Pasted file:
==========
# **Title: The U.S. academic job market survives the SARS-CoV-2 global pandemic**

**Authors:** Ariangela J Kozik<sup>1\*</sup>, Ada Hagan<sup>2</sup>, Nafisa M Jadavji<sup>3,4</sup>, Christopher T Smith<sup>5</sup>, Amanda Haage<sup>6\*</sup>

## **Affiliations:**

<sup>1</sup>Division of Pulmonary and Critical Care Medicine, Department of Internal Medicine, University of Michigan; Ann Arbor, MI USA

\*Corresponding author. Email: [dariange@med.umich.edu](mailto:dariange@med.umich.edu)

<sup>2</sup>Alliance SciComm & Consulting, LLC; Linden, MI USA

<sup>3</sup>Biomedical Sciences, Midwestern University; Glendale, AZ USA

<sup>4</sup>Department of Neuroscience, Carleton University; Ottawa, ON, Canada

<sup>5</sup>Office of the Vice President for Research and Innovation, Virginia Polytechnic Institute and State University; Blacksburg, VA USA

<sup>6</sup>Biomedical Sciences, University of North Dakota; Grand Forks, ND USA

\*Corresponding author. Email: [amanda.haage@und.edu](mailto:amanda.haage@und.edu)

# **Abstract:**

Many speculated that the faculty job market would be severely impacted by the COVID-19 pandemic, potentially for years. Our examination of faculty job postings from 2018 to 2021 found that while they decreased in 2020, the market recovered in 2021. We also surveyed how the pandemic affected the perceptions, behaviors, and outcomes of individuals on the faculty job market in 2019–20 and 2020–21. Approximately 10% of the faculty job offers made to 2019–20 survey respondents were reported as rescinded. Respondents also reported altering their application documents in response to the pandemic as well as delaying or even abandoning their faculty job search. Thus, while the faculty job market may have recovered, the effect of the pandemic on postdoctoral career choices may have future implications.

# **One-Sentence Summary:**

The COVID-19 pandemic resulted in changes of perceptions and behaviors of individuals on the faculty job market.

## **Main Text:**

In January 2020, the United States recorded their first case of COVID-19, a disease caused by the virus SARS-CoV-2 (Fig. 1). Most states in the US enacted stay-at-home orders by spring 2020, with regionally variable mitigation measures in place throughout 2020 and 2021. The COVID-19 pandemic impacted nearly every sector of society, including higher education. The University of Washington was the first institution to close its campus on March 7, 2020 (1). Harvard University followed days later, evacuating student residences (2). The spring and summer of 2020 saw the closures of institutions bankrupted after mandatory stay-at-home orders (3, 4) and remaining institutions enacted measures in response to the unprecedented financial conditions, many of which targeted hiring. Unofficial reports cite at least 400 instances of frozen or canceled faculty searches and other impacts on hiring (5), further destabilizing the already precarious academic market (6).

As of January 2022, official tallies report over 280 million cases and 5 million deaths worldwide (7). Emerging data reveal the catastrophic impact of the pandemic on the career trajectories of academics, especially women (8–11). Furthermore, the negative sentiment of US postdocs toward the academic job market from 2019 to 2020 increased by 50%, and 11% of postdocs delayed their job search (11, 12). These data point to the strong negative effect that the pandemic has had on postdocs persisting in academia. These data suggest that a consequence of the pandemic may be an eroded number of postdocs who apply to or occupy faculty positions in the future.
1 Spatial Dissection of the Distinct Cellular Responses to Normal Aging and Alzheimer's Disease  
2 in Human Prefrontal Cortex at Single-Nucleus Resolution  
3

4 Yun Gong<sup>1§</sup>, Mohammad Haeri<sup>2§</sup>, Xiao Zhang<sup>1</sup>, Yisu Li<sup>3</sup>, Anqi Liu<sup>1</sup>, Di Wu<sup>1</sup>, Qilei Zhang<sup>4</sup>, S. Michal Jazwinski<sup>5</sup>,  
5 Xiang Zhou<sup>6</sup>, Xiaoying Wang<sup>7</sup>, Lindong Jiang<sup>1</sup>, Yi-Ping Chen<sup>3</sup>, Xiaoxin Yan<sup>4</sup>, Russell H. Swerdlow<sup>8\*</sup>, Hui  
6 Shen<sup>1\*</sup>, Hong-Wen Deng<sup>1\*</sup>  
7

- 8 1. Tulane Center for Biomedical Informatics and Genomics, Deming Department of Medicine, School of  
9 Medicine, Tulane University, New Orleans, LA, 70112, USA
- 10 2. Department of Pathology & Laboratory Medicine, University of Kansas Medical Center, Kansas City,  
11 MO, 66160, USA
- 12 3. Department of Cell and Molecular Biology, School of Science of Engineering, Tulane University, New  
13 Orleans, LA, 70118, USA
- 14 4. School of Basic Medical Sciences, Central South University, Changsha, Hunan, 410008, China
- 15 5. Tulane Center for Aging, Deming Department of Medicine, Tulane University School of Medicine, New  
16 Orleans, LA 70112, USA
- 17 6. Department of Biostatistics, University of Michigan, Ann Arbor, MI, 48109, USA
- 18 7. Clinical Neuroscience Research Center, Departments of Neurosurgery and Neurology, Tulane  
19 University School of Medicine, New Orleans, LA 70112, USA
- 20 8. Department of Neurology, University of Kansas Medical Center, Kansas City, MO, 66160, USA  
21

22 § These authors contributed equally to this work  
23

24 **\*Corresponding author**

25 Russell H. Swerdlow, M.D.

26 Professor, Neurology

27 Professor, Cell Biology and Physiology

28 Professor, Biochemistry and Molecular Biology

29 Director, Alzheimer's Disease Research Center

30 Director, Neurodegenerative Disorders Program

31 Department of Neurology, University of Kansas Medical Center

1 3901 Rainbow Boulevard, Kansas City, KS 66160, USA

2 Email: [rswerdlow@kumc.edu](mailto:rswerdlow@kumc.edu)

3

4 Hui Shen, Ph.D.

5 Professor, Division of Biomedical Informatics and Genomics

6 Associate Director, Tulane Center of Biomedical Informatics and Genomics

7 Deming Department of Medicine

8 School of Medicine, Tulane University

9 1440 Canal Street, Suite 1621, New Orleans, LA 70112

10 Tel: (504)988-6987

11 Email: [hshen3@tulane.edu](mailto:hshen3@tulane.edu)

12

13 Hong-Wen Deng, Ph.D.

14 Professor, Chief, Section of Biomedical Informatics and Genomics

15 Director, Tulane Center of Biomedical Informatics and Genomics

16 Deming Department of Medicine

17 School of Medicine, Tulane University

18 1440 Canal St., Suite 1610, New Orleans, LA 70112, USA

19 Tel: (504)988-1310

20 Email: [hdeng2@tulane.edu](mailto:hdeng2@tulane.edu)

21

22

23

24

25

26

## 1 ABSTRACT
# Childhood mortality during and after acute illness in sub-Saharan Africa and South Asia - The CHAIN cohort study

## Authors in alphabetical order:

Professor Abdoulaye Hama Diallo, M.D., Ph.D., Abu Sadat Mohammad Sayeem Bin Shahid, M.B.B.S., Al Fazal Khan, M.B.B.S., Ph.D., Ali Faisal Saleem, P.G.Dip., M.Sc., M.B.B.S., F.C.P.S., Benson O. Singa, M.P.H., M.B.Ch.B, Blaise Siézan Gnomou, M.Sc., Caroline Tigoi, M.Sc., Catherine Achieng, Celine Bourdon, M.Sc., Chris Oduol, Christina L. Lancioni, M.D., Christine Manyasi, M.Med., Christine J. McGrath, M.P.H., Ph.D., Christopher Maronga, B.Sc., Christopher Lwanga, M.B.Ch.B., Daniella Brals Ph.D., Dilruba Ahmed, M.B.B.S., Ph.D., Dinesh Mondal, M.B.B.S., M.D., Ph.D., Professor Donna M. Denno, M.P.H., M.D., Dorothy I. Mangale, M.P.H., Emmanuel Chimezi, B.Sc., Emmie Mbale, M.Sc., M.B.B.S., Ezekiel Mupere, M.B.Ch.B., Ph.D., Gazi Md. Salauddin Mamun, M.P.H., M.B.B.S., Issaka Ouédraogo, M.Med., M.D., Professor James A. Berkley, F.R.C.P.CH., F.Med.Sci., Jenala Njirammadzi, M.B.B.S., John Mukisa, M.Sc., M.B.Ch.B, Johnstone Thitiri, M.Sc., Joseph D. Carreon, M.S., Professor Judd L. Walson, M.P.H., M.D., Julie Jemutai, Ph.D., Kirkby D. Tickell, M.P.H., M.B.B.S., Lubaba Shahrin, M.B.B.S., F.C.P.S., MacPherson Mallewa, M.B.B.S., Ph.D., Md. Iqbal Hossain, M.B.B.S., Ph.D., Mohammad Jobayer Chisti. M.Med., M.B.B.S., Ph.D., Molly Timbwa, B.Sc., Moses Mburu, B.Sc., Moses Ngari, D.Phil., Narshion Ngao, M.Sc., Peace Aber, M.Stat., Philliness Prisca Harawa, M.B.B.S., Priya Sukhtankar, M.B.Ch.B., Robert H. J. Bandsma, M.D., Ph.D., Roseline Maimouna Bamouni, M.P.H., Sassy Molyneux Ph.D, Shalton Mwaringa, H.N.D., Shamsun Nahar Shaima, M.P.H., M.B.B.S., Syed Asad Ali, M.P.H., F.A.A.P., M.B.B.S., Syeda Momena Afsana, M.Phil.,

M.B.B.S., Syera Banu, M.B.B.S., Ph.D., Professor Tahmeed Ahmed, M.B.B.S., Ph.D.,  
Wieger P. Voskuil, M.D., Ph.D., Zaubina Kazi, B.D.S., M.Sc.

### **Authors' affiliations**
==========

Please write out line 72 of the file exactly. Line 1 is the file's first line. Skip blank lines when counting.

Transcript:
23